- Active Worlds http://www.activeworlds.com/
- HiPiHi http://www.hipihi.com/
- Second Life http://secondlife.com/
- Teen Second Life (for 13 to 17 year olds)http://teen.secondlife.com/
- Barab, S., & Duffy, T. (2000). From practice fields to communities of practice. In D. Jonnasen and S. Land (Eds.), Theoretical foundations of learning environments. Mahweh, NJ: Lawrence Erlbaum.
- Bryson, S. (1992). Survey on the virtual environment technologies & techniques. Retrieved April 4, 2005 from: http://www.compgraf.ufu.br/alexandre/cg/vr.survey.pdf
- Burton, B. (2008). Collaboration and the Use of Three Dimensional Interface within a Virtual Learning Environment and the Impact of Communication and Learning: a case study. Retrieved January 23, 2008 from http://edt.missouri.edu/Spring2008/Dissertation/BurtonB-042808-D9711/research.pdf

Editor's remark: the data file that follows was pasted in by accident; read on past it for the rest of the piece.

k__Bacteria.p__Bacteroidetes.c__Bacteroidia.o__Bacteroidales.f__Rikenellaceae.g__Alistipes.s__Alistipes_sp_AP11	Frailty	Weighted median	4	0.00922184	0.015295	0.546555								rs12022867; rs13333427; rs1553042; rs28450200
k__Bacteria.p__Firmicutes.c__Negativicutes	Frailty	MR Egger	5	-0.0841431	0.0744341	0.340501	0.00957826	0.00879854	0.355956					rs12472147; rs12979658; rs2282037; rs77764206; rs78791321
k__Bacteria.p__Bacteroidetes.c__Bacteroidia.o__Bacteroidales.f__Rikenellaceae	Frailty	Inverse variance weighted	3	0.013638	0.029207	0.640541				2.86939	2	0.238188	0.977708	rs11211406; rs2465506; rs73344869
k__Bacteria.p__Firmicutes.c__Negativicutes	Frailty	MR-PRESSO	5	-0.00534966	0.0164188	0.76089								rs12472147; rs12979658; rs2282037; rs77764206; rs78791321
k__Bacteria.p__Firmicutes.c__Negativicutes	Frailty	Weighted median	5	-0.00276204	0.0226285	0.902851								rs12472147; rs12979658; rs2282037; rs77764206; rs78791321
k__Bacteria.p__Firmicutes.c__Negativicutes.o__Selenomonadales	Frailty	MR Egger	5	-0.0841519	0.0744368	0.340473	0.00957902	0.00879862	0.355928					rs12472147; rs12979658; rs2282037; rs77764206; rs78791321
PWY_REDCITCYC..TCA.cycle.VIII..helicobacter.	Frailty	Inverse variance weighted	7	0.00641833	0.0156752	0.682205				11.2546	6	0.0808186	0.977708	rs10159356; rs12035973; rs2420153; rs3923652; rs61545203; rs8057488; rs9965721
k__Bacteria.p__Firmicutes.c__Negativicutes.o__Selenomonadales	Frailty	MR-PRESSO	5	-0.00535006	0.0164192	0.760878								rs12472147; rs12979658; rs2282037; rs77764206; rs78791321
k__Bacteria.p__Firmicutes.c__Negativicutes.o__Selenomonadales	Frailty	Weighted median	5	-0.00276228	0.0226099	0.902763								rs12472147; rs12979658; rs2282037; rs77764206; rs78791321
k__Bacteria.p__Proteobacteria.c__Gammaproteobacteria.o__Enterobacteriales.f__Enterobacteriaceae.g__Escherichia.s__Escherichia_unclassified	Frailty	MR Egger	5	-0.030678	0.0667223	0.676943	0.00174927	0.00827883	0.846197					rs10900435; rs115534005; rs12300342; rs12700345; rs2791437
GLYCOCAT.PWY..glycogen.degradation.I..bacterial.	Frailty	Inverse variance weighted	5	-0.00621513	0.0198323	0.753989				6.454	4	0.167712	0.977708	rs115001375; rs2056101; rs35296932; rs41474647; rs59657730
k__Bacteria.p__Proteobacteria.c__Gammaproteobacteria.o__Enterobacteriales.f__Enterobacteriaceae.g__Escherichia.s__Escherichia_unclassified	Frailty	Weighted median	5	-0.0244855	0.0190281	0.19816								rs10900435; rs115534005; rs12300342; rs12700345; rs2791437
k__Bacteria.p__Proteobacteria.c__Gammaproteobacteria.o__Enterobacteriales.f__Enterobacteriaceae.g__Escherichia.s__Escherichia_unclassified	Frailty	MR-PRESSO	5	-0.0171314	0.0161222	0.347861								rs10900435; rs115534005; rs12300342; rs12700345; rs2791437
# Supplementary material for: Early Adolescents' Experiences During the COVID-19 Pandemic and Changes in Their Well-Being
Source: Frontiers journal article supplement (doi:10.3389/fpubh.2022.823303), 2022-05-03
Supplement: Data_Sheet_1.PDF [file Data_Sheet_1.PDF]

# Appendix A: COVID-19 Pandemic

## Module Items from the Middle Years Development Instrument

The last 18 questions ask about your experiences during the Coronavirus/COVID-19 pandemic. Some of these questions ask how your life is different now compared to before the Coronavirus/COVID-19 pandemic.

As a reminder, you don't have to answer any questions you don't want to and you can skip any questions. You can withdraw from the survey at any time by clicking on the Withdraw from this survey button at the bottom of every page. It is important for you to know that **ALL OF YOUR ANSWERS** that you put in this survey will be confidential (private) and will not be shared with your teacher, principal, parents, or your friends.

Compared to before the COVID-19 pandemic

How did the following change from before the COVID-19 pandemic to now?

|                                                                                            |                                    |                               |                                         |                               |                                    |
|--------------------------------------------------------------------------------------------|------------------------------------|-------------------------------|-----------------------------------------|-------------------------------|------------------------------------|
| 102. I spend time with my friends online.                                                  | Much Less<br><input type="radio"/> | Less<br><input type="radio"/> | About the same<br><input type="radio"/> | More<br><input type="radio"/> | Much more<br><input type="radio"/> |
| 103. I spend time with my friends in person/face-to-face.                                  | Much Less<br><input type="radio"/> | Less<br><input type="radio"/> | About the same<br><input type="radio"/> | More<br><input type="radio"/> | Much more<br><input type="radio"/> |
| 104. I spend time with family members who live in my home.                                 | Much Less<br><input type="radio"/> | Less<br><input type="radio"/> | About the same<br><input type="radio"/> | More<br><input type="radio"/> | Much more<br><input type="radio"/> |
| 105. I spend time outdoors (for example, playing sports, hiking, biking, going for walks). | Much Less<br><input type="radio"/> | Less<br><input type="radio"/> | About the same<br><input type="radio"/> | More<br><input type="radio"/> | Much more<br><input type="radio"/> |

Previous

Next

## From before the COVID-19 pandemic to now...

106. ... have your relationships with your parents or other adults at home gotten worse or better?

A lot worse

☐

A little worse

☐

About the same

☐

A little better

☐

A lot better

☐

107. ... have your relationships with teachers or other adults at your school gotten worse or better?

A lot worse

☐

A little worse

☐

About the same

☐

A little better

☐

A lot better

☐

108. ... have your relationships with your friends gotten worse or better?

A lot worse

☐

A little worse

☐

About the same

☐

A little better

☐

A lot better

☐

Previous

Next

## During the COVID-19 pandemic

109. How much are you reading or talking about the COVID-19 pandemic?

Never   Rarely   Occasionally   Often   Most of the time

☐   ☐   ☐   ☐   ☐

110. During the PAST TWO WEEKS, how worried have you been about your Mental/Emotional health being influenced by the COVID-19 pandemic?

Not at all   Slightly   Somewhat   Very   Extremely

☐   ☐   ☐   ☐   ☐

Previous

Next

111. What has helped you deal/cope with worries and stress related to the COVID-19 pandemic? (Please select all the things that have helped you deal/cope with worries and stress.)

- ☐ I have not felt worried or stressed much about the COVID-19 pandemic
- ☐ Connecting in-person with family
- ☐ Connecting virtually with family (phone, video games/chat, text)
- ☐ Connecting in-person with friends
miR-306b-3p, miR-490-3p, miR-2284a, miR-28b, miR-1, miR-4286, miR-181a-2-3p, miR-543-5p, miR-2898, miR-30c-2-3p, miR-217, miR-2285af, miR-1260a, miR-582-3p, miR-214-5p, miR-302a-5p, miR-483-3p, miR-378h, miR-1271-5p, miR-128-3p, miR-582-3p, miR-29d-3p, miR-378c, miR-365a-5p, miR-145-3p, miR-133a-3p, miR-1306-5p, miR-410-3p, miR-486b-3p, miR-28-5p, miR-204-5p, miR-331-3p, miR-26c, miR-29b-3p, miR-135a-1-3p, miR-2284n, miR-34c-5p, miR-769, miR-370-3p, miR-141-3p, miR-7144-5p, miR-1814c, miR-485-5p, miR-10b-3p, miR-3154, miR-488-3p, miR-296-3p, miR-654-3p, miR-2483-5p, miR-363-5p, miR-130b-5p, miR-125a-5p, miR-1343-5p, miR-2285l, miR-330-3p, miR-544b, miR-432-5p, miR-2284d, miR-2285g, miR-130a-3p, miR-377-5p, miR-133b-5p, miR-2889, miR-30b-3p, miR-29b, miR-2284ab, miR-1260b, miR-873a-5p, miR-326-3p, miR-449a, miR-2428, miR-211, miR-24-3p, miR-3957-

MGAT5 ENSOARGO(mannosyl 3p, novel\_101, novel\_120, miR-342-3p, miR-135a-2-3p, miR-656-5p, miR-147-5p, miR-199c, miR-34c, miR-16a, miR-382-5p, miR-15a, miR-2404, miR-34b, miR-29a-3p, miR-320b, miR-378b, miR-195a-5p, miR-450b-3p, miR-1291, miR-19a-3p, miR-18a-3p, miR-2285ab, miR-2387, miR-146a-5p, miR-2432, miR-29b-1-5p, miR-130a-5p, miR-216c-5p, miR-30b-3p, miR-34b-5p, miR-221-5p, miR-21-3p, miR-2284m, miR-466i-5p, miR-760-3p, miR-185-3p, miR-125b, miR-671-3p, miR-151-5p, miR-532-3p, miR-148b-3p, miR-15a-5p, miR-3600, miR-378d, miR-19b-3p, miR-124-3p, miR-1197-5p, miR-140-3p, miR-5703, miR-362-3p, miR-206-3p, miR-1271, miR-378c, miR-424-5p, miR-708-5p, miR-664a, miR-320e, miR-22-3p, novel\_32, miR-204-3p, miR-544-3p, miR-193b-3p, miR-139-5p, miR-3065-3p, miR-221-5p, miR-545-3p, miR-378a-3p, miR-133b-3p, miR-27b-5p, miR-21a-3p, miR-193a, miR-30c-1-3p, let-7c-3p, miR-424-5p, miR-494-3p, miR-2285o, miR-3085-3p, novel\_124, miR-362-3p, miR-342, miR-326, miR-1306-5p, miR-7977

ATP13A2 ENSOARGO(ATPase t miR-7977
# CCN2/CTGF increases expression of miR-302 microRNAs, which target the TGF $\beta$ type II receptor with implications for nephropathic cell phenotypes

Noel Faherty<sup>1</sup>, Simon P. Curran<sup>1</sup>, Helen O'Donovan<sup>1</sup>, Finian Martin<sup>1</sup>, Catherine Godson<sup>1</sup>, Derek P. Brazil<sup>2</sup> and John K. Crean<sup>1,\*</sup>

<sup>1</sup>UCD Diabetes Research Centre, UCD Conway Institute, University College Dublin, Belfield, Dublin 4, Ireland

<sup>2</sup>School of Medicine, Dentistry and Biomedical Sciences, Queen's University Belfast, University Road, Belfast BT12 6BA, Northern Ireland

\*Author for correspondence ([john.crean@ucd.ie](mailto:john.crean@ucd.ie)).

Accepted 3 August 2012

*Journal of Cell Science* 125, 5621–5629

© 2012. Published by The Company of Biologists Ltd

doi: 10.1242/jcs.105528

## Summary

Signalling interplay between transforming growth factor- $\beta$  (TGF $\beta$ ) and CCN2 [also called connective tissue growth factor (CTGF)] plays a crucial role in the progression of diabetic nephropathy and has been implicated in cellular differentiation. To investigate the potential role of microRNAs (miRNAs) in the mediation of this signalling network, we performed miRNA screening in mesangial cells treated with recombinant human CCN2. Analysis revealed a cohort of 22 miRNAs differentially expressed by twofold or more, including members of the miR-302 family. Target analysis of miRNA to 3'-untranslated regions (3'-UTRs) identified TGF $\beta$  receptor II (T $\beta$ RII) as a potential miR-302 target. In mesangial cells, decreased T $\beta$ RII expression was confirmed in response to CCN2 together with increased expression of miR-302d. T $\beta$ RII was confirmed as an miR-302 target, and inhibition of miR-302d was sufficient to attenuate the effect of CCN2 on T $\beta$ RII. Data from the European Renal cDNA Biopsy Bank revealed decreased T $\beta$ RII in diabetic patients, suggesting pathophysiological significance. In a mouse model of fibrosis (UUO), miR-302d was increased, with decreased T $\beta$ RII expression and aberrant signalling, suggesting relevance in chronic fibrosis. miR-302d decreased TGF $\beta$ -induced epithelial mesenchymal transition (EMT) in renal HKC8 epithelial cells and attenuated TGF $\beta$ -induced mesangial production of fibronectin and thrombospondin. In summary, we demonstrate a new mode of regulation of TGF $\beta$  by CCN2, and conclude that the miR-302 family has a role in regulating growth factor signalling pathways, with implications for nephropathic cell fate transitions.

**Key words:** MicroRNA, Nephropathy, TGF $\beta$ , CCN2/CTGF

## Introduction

- Dalgarno, B. (2002). The potential of 3D virtual learning environments: A constructivist analysis. Electronic Journal of Instructional Science and Technology, 5(2). Retrieved February 8th, 2008 from: http://www.usq.edu.au/electpub/e-jist/docs/Vol5_No2/Vol5_No2_full_papers.html
- Dede, C. (1995). The evolution of constructivist learning environments: Immersion in distributed virtual worlds. Educational Technology, 35(5), 46–52.
- Dickey, M.D. (2003). Teaching IN 3D: Affordances and constraints of 3D virtual worlds for synchronous distance learning. Distance Education 24(1), 105-121. Retrieved February 15th, 2008 from http://mchel.com/papers/DE_24_1_2003.pdf
- Jonassen, D. H. (1999). Designing constructivist learning environments. In C. Reigluth (Ed.), Instructional design theories and models: Volume II. Mahwah, NJ: Lawrence Erlbaum.